That sensitive data was also on your phone. That data also gets automatically backed up to that handset manufacturer, which also has its own backup and disaster recover arrangements. 

Two days later, an EU citizen (who happens to be one of your customers) submits a right to be forgotten request and your team eventually learns of it. They delete the references they can locate on key enterprise systems, including a half-dozen corporate cloud environments they know about. 

But what about all of those other locations? 

That example involves just an employee trying to get work done. Let’s try one with a customer or a prospect. One of your senior sales representatives is working with another company on $1 billion sales deal. They start discussing sensitive contract points in text threads between them and will likely also review preliminary contract drafts.

Once the draft gets to a late stage, it goes to the legal department and everything is hopefully captured. But what about all of those text discussions between two personal smartphones? Compliance is not only about regulatory issues. What if the deal later goes bad and there is litigation? The opposing counsel will seek discovery, including all discussions about contract terms. Are you even remotely able to fully comply? (I’ll save you time: No, there is no way you can fully comply.)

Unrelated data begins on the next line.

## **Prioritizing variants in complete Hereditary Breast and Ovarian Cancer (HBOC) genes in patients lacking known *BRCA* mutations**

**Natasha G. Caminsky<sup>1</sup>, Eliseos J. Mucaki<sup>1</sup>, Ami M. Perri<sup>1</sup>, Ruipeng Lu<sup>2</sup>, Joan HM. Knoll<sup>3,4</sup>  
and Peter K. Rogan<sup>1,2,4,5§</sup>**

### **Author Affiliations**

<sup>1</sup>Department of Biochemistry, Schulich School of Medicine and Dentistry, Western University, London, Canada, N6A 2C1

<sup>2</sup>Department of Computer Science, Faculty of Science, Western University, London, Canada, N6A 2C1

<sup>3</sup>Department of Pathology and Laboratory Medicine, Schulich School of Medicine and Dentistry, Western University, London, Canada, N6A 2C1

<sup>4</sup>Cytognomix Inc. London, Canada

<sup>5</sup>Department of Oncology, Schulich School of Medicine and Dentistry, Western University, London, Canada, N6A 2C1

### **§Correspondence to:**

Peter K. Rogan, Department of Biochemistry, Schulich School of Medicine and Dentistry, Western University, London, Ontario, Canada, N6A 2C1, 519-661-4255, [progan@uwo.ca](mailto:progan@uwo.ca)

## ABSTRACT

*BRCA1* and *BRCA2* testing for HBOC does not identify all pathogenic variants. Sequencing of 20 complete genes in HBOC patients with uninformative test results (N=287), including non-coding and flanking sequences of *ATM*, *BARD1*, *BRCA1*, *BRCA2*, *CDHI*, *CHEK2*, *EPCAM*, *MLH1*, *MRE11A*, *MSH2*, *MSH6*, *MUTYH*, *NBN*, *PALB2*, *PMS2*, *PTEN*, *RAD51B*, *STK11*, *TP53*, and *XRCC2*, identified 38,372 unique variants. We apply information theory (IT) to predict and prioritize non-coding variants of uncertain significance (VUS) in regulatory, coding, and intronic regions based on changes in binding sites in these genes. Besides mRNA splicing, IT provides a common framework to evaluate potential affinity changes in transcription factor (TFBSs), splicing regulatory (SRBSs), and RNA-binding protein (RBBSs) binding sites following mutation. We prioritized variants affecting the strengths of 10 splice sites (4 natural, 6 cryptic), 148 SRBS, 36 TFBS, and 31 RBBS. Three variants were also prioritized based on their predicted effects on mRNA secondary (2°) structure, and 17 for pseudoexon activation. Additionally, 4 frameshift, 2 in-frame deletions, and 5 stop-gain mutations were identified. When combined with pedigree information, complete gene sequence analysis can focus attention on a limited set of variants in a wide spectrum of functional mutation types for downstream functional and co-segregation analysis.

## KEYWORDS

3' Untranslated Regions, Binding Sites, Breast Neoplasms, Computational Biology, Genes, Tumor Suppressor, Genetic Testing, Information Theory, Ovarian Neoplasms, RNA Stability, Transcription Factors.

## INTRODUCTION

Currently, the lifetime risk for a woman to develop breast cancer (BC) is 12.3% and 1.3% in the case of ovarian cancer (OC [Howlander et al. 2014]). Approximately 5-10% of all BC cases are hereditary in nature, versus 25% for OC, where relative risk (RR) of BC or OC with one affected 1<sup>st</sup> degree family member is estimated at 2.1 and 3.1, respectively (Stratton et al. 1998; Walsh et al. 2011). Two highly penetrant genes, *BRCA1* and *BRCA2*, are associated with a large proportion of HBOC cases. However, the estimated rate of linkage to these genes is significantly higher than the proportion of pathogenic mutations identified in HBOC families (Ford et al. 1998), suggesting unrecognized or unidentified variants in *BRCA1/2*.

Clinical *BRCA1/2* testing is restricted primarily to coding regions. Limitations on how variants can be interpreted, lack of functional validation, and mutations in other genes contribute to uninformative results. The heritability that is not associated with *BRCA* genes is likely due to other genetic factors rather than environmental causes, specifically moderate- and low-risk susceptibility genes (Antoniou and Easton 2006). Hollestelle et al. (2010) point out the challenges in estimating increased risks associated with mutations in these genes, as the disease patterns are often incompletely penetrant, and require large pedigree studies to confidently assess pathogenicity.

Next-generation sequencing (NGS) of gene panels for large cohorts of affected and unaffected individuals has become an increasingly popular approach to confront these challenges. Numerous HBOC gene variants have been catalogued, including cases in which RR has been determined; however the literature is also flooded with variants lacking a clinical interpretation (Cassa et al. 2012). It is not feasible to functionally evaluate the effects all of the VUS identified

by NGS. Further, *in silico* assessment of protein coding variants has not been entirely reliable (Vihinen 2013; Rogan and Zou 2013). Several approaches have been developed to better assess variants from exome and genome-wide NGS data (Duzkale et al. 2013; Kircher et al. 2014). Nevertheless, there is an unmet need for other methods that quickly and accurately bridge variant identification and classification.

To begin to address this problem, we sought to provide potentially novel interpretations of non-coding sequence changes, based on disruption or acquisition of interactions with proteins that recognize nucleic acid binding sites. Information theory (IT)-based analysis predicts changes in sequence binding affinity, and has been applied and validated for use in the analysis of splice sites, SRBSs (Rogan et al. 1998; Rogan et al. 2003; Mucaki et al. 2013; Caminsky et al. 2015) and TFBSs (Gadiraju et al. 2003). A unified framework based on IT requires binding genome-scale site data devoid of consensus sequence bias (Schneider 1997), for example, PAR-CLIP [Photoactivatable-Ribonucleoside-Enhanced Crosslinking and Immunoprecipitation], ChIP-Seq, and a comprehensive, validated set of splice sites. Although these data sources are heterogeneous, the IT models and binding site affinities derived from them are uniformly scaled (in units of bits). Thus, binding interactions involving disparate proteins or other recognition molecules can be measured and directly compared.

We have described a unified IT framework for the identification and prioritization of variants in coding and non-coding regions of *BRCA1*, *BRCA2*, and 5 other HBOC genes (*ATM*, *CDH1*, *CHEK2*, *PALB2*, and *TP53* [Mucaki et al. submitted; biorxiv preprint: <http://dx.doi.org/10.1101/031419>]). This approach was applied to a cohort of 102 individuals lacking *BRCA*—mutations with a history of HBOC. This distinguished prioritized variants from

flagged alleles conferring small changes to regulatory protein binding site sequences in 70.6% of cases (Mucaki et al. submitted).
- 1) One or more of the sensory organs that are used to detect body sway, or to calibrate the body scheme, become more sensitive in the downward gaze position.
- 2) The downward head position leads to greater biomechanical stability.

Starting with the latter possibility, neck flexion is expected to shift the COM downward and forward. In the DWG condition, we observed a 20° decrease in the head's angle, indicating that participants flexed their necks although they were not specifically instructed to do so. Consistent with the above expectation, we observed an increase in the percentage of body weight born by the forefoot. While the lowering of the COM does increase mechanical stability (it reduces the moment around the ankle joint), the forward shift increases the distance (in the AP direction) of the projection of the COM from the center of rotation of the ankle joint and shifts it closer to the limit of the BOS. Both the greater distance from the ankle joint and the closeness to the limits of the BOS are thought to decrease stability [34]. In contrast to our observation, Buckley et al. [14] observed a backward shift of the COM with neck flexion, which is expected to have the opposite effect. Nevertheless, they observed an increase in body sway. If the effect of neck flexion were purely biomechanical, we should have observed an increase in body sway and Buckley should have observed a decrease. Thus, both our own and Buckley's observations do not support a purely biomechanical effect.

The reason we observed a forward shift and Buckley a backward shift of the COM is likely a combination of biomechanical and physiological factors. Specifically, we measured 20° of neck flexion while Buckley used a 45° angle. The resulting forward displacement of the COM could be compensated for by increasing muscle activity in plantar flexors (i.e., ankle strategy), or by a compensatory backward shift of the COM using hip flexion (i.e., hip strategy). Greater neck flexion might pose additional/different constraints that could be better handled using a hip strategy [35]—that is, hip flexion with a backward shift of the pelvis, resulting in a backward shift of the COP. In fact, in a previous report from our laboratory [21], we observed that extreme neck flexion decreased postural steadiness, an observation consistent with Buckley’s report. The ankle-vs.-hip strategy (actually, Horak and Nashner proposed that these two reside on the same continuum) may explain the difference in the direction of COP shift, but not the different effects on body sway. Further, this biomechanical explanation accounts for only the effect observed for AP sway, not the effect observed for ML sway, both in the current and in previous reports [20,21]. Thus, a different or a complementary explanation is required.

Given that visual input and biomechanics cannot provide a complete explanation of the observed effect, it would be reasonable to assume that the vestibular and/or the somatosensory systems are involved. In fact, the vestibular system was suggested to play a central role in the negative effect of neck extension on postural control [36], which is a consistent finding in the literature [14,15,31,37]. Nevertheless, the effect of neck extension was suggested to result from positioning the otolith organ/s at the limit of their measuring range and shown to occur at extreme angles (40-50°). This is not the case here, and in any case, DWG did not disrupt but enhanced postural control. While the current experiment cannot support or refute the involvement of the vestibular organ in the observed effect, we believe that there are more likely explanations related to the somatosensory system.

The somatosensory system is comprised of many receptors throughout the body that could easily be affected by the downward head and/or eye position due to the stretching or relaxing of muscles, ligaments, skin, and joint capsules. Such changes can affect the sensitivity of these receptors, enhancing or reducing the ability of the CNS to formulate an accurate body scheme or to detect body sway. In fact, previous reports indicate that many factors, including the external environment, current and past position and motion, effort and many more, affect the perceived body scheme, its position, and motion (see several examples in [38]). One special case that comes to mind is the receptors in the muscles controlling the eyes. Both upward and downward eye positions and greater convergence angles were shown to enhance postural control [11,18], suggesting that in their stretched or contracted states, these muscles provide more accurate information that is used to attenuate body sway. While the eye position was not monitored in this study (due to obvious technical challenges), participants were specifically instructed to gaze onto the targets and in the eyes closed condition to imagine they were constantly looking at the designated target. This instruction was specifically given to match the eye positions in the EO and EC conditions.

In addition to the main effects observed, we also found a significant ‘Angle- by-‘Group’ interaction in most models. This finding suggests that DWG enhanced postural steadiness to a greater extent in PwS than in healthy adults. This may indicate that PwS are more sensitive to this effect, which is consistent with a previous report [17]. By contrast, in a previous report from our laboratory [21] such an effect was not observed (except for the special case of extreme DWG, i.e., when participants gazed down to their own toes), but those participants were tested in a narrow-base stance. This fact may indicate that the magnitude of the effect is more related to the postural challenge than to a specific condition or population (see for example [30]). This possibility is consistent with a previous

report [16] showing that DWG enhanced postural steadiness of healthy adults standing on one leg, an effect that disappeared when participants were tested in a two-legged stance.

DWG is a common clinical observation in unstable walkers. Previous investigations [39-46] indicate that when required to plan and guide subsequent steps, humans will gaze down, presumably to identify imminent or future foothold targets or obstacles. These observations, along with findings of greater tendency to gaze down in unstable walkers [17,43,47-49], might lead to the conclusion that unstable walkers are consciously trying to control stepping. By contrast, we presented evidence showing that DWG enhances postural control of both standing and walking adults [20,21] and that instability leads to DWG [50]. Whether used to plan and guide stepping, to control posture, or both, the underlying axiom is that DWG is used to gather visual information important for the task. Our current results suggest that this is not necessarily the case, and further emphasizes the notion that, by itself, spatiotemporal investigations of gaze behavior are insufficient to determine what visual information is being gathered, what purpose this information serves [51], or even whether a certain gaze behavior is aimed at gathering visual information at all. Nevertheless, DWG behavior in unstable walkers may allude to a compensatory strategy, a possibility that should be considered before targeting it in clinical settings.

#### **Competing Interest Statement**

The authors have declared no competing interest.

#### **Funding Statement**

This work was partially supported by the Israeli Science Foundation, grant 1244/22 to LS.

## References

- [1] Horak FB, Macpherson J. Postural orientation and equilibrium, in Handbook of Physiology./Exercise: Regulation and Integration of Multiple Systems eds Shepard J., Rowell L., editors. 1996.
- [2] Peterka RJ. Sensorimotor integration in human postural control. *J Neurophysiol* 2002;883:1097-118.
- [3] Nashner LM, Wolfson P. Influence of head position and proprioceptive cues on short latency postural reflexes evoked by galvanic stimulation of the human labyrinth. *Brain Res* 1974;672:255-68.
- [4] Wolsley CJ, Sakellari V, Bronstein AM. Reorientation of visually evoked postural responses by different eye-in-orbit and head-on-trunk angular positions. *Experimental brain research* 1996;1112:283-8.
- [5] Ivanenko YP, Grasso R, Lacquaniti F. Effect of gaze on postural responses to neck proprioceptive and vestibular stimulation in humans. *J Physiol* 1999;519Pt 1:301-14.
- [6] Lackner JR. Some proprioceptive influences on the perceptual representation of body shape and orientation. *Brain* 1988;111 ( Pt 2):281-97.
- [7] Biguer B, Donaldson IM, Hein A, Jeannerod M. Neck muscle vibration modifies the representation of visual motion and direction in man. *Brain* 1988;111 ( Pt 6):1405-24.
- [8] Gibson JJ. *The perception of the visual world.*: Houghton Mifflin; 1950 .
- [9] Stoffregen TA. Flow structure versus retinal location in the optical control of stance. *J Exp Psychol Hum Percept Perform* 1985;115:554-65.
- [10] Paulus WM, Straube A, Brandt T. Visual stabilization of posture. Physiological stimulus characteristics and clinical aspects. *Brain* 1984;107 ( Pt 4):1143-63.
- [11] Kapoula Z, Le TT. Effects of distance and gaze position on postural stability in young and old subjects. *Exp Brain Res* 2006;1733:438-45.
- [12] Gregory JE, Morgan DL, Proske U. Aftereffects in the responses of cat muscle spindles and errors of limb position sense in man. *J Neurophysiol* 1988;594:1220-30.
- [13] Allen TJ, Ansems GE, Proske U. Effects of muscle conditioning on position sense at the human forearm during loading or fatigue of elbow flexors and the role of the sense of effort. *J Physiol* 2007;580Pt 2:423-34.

That was all true back in 2019. In 2020, the pandemic hit and cloud and remote activity soared. In 2023, genAI tools — which had been around in various forms since the 1960s — grabbed headlines and was suddenly on the must-have list of every enterprise board member. The less about AI decision-makers knew, the more they wanted genAI.

Full data visibility was difficult in 2019, virtually impossible in 2020, and now, with genAI cropping up in just about every division and working group, it’s crossed the line into fully impossible

Why does it so fully obliterate data control? There are five relevant elements, all distinct, :

  1. What enterprise data can genAI access?
  2. Who (among employees, contractors, customers and anyone with any level of privileged access) can access that data? Is there some attempt, any attempt, to limit who can access what segments of that data?
  3. How was the genAI system trained? What information did it examine to answer queries? Did any of that training information include data about EU citizens? (Yes, EU data was almost certainly within the training set.) 
  4. Is the genAI training on new data you share? Will it try and learn from your queries and potentially share that information with competitors?
  5. What about the massive databases behind genAI tools. Can enterprises that license that system review the database? Can they delete details from it? If not — and the answer will almost always be “No” — how is GDPR compliance even possible? How is any compliance possible? 

With arrival of genAI virtually everywhere, the compliance genie is already out of the bottle.

Compliance, Data Privacy, GDPR, Generative AI